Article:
Classroom Cantatas at Mather and Mendell Elementary (Post #1)

Shadowing two small groups at Mendell Elementary and leading my own small group at Mather Elementary has begun! The idea of this project is that, in collaboration with teaching artists from Cantata Singers, I go in and lead a group of 4-5 second graders at these schools (though I am only observing at Mendell). The first few weeks are spent creating a melody for the given poem, while the next few weeks are spent creating an accompaniment, and the final few weeks are spent rehearsing their self-composed song, and a final performance is given at the Children’s Museum on April 11.

I noticed that each of the two group leaders I have observed at Mendell have unique teaching styles. One is very melodically oriented and is always trying to spark the student’s creative minds by singing what they have written and asking them to finish the line – thus creating the next part of the melody – or asking them “Now what should come after that?” When two students have two different ideas, they vote. This method gets him very far in the composition process. The second leader that I observe takes a different approach. She finds the important words in her text and asks how to bring them out in the melody, though no context has been given (melody surrounding these words has not yet been written as she does this). Because the students seem to have trouble staying in one key – they start on a random note when creating a new line – the resulting melody is so far in different “keys.” If two students have an idea she will often incorporate both ideas. Energy levels at these schools seem to have lacked the past two weeks, likely because it is the end of the day and lunch was a long time ago.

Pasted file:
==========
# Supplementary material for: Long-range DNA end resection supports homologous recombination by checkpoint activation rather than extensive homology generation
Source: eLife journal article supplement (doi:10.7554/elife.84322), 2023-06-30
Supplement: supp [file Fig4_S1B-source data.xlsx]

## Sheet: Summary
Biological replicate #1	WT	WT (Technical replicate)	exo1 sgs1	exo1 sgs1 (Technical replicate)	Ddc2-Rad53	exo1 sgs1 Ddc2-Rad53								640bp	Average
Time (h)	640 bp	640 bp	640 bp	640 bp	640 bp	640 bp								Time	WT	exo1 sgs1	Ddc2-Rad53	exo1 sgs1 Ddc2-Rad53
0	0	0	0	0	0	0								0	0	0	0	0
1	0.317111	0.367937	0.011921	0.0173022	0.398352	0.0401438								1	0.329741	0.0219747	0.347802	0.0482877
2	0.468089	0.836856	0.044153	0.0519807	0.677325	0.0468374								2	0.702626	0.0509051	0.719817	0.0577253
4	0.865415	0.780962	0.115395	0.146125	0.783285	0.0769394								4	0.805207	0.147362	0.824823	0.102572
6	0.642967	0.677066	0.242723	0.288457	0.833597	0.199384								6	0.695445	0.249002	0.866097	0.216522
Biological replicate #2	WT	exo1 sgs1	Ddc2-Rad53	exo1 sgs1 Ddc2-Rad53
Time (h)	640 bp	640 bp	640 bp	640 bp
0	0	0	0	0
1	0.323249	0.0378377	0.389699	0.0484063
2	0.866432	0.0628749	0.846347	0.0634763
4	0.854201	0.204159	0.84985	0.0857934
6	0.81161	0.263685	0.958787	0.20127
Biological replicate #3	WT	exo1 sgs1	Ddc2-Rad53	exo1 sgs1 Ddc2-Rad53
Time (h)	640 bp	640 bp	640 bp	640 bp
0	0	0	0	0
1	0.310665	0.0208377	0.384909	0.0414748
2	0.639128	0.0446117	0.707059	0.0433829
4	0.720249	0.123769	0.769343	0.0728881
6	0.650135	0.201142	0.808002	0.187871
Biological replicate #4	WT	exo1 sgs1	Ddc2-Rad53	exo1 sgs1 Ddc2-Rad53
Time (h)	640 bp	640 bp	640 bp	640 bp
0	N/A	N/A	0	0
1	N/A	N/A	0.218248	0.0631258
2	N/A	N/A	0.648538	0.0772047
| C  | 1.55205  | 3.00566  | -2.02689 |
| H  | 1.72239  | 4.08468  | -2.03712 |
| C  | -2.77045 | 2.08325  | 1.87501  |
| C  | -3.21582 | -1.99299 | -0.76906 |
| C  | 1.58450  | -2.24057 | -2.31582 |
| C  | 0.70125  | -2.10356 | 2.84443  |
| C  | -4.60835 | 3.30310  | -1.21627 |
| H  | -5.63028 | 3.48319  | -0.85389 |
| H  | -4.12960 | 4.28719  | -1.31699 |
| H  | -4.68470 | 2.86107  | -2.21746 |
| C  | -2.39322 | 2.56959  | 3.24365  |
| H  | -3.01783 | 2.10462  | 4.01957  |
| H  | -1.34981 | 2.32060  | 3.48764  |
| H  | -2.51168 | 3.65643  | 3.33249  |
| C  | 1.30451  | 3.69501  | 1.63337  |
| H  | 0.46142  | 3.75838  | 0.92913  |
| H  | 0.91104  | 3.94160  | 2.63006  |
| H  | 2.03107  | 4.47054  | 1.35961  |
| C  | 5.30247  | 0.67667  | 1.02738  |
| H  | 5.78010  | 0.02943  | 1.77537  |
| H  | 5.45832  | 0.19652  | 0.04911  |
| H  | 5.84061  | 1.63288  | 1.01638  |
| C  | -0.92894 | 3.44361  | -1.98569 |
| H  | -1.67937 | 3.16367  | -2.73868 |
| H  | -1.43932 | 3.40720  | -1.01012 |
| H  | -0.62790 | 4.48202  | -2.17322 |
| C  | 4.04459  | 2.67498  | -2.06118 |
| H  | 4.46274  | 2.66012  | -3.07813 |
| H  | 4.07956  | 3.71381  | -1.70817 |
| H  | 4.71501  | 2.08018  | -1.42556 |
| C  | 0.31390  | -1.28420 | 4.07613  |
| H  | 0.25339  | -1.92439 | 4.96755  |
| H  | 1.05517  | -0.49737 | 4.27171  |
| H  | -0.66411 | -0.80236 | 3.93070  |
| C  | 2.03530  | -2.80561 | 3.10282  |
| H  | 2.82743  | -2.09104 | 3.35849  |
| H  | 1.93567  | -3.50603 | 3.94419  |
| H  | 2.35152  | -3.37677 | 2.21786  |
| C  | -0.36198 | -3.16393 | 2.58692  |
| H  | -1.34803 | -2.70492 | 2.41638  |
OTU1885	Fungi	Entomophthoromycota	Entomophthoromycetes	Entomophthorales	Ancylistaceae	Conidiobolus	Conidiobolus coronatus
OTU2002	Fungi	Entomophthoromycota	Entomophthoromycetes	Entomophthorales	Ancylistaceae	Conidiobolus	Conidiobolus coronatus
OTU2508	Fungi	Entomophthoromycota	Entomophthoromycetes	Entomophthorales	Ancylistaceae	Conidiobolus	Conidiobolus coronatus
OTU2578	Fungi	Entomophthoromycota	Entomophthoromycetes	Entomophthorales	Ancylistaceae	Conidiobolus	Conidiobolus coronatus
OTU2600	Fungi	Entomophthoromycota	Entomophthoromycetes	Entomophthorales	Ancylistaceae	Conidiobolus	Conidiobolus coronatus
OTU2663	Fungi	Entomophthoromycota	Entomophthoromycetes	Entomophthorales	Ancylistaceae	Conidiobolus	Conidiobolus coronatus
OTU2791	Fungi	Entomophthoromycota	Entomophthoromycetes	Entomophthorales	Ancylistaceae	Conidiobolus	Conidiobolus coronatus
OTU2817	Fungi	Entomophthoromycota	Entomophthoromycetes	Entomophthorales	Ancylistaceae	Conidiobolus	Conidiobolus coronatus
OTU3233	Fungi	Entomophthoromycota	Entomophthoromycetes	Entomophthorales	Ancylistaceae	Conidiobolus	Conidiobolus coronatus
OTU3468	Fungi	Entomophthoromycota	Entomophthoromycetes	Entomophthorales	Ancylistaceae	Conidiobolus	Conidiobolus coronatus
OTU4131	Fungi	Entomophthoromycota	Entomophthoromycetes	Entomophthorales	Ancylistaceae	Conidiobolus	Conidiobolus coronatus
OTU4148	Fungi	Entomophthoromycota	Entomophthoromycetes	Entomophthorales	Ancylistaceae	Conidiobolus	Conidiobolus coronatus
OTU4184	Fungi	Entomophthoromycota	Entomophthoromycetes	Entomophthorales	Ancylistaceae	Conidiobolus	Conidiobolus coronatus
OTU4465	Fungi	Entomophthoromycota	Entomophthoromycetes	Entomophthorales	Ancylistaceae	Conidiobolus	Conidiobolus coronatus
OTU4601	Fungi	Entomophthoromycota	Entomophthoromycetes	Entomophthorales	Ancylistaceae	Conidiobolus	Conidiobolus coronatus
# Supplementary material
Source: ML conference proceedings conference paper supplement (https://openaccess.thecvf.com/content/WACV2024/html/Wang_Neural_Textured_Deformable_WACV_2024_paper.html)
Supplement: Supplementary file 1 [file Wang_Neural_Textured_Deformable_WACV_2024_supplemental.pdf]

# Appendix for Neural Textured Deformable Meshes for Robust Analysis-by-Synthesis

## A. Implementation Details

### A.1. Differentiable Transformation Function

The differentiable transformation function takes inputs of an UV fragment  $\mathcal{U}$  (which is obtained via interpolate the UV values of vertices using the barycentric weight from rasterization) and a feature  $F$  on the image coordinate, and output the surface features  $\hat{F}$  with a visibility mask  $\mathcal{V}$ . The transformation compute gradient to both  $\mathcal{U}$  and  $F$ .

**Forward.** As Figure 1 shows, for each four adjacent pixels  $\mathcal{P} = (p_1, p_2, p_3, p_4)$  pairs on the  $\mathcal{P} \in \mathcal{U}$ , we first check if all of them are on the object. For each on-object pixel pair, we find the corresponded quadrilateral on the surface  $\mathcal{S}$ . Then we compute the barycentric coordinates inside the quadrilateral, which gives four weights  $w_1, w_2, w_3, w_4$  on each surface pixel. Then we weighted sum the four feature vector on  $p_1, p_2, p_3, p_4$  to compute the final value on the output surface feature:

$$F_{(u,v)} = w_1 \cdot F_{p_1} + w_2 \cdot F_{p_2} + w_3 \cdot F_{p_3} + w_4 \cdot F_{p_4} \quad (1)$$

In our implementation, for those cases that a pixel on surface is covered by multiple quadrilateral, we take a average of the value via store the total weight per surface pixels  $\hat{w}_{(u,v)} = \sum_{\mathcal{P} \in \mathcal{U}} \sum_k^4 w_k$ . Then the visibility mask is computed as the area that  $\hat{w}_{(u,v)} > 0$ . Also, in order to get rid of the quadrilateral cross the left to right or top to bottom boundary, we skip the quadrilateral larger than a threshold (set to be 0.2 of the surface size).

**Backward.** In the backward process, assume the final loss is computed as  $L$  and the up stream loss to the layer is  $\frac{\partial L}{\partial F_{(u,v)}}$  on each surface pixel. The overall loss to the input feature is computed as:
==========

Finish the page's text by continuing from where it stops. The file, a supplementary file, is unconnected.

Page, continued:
At the Mather I have led my own small group for one session (approx 25 minutes). This. Was. So. Much. Fun. I first established the one and only rule that we listen when someone else is speaking or singing. I encouraged them to raise their hand (though there are only 3 students in the group) when they want to share a great idea, and emphasized that they ALL have great ideas and we want to hear them. As a result, one girl always has her hand raised…. How do I tone that down while not ignoring her or making her feel like not everything she says is important?

Keyboards are used by the TAs for harmonic support or so the students can hear their melody (especially useful as I am not a singer), but since I have no keyboard to use at Mather I have downloaded a piano app for my iPad and yes, I did bring the iPad to a public elem school in Dorchester. The kids loved it! At first I used the device to play their small melody and told them that it was a “grown up tool.” One boy wanted to hold the poster of words but I thought this would keep him from composing with the rest so I insisted that I hold it where he could also see it. But the boy thought the activity was stupid if he couldn’t hold the poster, turned away from the group, buried his face in a chair and would not participate with us. I then asked if he would help with the piano by teaching the other two girls the melody (I quickly taught him how to play it – just two notes). He like playing on the iPad and taught the melody to the girl next to him, who then taught her friend next to her.

My question is: How safe is it to bring an expensive tool into the classroom in this context. The iPad is a great solution to not having a portable keyboard. Obviously they will want to play on the piano all the time, so am I at risk for losing their respect if I, a temporary teacher to them, don’t let them play with the keyboard when they want?

~Stephen G

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